The first phase of programme is to expand networks throughout the region by linking itself with relevant strategic partners, conducting policy research on SDIP issues. During phase 2, the consortium will engage in policy advocacy and will disseminate information gathered in the first phase. The last phase will focus on high-level policy dialogues at local, sub-national, national and regional levels to influence change and enhance regional cooperation in South Asia.

Pakistan is a crucial partner in the programme due to its strong presence in one of the three river basins. Indus river originates from the Tibetan Plateau and empties into the Arabian Sea after flowing across northern India, Jammu and Kashmir and the entire length of Pakistan. 47% of the river falls in Pakistan, 39% in India (and Kashmir), 8% in China and 6% in Afghanistan. The Indus River System is the lifeline of Pakistan. The country depends on the Indus, especially for its agriculture, which is even today backbone of the economy.

Pakistan and India after numerous debates, conflicts and agreements signed the Indus Waters Treaty (IWT) in 1960. The Treaty has been successful solution to the dispute referred to as “the most important water treaty in the world”. It has survived to stay intact for 50 years even though the two countries are agreeably known as hostile neighbours. Unfortunately, recent events have focused  the Treaty. Researchers agree that the Treaty has gaps: there is no provision in the Treaty on how the parties should respond to climate change and its effects. It does not address the issue of water quality or industrial and agricultural pollution, deforestation and environmental flows in the eastern rivers allocated to India. Furthermore, the Treaty does provide information on watershed management, proper management of ground waters or examination of cumulative effects of projects such as the hydroelectric generation.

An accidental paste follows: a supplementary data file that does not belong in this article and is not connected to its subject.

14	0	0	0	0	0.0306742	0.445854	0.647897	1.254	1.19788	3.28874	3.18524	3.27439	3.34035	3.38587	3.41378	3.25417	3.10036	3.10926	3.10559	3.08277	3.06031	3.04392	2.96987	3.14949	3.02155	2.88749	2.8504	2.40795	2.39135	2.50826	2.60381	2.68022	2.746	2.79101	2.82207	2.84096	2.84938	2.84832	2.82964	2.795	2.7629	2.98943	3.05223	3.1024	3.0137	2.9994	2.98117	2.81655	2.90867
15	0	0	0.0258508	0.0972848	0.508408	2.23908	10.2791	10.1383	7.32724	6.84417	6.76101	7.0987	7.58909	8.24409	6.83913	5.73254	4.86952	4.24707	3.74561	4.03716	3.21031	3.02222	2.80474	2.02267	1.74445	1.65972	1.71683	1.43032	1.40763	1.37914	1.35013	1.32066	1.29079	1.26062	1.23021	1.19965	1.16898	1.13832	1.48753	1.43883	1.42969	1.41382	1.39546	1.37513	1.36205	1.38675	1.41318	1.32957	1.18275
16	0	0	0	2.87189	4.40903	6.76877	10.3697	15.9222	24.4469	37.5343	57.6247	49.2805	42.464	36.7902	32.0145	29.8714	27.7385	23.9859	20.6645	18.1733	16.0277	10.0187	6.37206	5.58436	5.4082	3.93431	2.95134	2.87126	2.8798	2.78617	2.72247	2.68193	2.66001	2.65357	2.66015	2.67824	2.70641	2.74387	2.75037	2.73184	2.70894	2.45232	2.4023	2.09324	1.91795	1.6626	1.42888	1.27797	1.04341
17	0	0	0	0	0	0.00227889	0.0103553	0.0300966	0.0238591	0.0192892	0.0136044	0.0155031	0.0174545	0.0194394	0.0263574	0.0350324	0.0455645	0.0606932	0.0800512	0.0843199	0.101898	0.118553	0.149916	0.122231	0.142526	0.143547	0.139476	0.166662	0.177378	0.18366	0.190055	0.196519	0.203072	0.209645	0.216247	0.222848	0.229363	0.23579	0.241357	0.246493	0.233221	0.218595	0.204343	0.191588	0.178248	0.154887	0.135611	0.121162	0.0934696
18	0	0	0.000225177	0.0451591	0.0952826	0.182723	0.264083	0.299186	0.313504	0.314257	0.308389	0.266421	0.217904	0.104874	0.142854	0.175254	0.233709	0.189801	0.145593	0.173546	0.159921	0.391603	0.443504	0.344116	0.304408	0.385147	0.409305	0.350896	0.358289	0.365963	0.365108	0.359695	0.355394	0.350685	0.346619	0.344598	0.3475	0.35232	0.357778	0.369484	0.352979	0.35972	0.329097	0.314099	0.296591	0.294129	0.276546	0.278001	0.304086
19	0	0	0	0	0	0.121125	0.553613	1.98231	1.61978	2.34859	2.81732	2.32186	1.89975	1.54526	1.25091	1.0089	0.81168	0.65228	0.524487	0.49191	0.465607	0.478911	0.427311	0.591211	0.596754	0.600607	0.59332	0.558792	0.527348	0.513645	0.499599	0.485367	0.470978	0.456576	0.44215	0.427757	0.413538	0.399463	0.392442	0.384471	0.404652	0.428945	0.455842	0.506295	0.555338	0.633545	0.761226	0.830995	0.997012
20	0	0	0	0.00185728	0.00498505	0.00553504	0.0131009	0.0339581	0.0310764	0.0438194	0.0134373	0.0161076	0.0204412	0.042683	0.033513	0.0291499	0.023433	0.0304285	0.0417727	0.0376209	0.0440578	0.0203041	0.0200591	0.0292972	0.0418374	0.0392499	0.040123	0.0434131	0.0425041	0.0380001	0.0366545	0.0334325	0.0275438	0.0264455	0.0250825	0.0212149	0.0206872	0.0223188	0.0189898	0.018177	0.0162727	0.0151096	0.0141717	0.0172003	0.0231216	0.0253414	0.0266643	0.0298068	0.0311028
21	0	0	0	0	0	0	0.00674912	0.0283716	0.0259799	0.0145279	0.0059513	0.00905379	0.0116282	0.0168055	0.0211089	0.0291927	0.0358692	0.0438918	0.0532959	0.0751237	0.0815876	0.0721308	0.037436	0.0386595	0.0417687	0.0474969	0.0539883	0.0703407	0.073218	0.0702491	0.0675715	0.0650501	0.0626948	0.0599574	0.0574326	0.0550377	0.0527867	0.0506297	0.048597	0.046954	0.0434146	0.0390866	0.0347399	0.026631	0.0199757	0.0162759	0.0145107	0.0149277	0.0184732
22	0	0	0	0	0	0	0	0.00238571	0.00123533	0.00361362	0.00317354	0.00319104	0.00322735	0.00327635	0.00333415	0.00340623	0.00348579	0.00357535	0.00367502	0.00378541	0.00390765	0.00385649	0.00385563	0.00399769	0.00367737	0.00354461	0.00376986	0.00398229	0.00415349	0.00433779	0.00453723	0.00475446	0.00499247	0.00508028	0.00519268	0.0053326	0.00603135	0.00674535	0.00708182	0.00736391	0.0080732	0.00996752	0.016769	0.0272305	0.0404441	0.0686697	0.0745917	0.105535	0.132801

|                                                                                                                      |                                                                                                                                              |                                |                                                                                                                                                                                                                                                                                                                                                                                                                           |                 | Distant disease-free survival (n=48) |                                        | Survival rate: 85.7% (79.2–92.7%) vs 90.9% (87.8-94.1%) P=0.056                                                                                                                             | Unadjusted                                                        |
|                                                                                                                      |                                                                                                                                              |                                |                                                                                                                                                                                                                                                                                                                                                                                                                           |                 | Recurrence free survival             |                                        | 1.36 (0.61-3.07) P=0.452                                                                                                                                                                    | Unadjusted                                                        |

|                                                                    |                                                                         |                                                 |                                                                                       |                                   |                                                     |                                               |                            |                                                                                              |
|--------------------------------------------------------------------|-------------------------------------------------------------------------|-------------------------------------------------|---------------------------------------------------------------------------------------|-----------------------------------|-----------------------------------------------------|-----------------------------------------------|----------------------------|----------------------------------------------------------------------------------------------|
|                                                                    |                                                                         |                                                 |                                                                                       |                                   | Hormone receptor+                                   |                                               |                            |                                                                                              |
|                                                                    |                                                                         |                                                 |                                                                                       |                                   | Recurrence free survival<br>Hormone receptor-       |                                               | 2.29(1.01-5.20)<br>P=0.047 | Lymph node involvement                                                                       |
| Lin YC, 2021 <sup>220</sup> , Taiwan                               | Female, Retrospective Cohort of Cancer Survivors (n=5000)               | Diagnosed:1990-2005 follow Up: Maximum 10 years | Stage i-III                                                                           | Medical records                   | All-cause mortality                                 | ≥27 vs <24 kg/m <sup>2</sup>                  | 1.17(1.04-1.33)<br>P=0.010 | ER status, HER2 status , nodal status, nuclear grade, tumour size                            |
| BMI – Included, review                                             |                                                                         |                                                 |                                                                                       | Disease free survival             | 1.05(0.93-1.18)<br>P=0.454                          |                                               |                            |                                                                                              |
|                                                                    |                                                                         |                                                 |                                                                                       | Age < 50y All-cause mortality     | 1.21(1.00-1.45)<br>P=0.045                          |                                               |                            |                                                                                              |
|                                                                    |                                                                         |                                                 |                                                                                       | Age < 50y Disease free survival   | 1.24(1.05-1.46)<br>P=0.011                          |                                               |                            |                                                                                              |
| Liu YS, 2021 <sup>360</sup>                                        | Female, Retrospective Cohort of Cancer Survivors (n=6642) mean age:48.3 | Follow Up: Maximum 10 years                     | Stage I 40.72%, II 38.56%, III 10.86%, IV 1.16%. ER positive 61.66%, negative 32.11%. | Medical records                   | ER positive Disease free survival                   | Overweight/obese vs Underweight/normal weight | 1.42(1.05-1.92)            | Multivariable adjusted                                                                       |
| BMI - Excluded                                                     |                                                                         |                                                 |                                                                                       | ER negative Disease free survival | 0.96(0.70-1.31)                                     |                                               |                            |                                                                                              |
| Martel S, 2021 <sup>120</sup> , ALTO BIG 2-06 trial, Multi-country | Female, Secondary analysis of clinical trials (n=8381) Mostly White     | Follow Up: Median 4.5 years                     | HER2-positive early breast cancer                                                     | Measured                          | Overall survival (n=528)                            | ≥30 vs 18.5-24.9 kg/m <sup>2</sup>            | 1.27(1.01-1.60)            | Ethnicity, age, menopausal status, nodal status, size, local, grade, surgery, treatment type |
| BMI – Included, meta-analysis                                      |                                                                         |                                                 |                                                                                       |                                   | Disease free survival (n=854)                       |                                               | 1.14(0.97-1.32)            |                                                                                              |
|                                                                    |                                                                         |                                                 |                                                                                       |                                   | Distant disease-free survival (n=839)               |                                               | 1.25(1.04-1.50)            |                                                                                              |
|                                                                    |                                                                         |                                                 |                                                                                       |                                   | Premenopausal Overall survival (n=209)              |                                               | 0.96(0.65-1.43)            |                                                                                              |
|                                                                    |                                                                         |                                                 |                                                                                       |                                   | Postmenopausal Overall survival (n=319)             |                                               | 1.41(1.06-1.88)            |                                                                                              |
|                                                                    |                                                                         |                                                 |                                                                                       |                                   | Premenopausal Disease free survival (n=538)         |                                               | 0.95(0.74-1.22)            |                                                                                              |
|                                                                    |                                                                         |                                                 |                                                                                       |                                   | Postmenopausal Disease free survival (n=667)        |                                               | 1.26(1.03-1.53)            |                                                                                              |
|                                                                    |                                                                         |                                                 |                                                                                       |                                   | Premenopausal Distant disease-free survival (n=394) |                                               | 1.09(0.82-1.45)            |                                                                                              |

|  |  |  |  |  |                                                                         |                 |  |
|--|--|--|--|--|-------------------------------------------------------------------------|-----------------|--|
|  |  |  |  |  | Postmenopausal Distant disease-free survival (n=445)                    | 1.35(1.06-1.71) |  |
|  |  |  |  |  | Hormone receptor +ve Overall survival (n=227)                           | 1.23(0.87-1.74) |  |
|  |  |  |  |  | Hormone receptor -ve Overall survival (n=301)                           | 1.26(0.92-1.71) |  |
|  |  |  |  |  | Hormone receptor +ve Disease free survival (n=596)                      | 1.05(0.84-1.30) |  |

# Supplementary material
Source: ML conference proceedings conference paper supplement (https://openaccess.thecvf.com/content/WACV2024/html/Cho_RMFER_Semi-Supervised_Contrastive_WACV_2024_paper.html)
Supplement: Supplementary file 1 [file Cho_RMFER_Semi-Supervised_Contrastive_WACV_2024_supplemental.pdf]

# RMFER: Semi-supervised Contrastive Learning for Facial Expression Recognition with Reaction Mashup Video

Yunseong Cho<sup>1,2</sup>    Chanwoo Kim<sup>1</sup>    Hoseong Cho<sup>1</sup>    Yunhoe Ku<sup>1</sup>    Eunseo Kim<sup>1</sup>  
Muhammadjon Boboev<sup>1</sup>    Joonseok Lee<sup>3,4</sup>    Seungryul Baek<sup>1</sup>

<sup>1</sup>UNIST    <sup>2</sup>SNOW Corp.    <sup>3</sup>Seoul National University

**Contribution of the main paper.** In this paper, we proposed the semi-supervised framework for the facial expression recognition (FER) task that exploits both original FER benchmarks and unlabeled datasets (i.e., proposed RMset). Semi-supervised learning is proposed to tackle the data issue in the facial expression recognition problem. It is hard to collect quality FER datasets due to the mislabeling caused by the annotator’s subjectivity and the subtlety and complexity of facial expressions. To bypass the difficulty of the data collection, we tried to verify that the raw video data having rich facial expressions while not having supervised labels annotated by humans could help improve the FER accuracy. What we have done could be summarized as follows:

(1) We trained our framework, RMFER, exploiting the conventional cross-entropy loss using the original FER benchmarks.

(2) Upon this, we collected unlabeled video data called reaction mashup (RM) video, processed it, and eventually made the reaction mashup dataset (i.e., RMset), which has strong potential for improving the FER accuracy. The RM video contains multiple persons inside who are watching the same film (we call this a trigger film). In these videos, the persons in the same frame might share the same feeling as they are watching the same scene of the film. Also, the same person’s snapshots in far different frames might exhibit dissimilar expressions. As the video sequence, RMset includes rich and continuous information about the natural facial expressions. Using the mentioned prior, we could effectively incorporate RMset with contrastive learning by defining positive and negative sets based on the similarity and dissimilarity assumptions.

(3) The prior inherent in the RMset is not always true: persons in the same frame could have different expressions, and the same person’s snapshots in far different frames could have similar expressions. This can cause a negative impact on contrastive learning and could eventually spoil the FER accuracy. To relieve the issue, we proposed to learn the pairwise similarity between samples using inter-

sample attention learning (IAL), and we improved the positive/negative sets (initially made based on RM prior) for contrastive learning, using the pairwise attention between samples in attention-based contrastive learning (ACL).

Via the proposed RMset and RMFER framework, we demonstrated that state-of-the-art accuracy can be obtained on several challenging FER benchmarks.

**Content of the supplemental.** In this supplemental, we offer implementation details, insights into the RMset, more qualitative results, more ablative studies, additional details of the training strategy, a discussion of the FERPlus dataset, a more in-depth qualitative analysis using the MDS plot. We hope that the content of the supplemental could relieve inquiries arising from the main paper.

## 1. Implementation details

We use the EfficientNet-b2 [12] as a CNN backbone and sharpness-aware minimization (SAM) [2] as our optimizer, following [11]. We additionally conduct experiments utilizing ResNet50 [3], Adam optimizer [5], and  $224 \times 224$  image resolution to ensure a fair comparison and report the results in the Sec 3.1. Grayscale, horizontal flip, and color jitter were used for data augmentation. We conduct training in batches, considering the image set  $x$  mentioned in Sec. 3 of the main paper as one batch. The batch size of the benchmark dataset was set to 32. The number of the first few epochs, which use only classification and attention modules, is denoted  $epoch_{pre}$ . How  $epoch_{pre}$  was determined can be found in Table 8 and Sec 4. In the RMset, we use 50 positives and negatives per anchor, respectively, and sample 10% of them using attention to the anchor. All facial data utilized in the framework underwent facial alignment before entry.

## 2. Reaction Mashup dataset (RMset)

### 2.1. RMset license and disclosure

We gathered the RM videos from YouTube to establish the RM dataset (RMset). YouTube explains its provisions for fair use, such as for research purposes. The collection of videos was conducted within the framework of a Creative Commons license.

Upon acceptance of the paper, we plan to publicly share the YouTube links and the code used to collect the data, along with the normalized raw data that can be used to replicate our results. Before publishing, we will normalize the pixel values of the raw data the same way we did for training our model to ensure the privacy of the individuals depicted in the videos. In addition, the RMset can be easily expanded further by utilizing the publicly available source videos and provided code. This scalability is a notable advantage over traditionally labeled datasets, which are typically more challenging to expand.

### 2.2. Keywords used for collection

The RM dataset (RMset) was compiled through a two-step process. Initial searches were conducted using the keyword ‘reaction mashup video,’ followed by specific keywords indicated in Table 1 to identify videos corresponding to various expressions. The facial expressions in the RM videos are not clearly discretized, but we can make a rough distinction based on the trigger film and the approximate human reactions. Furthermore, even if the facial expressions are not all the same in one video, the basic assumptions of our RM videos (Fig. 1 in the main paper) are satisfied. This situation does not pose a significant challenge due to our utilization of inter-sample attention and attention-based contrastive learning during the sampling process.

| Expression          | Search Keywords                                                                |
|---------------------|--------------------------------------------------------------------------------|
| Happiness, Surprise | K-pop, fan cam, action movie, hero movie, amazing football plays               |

1. To contribute to increased water, food, and energy security in South Asia to facilitate economic growth and improve livelihoods, targeting the poorest and most vulnerable, particularly women and girls.


  1. Field survey in  Mianwali and Rahim Yar Khan districts.
  2. Key Informant Interviews conducted in Islamabad, Mianwali and Rahim Yar Khan.
  3. High Level Consultative Meeting held.


  1. Seed purchasing is done by landlord/big farmer of the area, and small farmers purchase it from them.
  2. Farmers in field are using low quality fertilizer.
  3. Survey findings also revealed imbalanced use of fertilizers across the basins, wherein urea and DAP were found as the most widely used form of fertilizers.
  4. Quite often female farmers face difficulty in getting loans sanctioned because, in most cases, land is in the name of male head of family. Interviews with farmers in Pakistan revealed that if land owner is a female, the bank will demand the pass book of the male representative to be on the safer side so that the loan can be easily recovered from her family.
  5. Unseasonal rainfall during the harvest season of wheat costs too much.

Team Members

  1. Dr Vaqar Ahmed
  2. Muhammad Adnan
  3. Anam Anwar Khan
  4. Muhammad Sohaib
  5. Asif Javed
  6. Syed Shujaat Ahmed
  7. Deewan Fazal Bukhari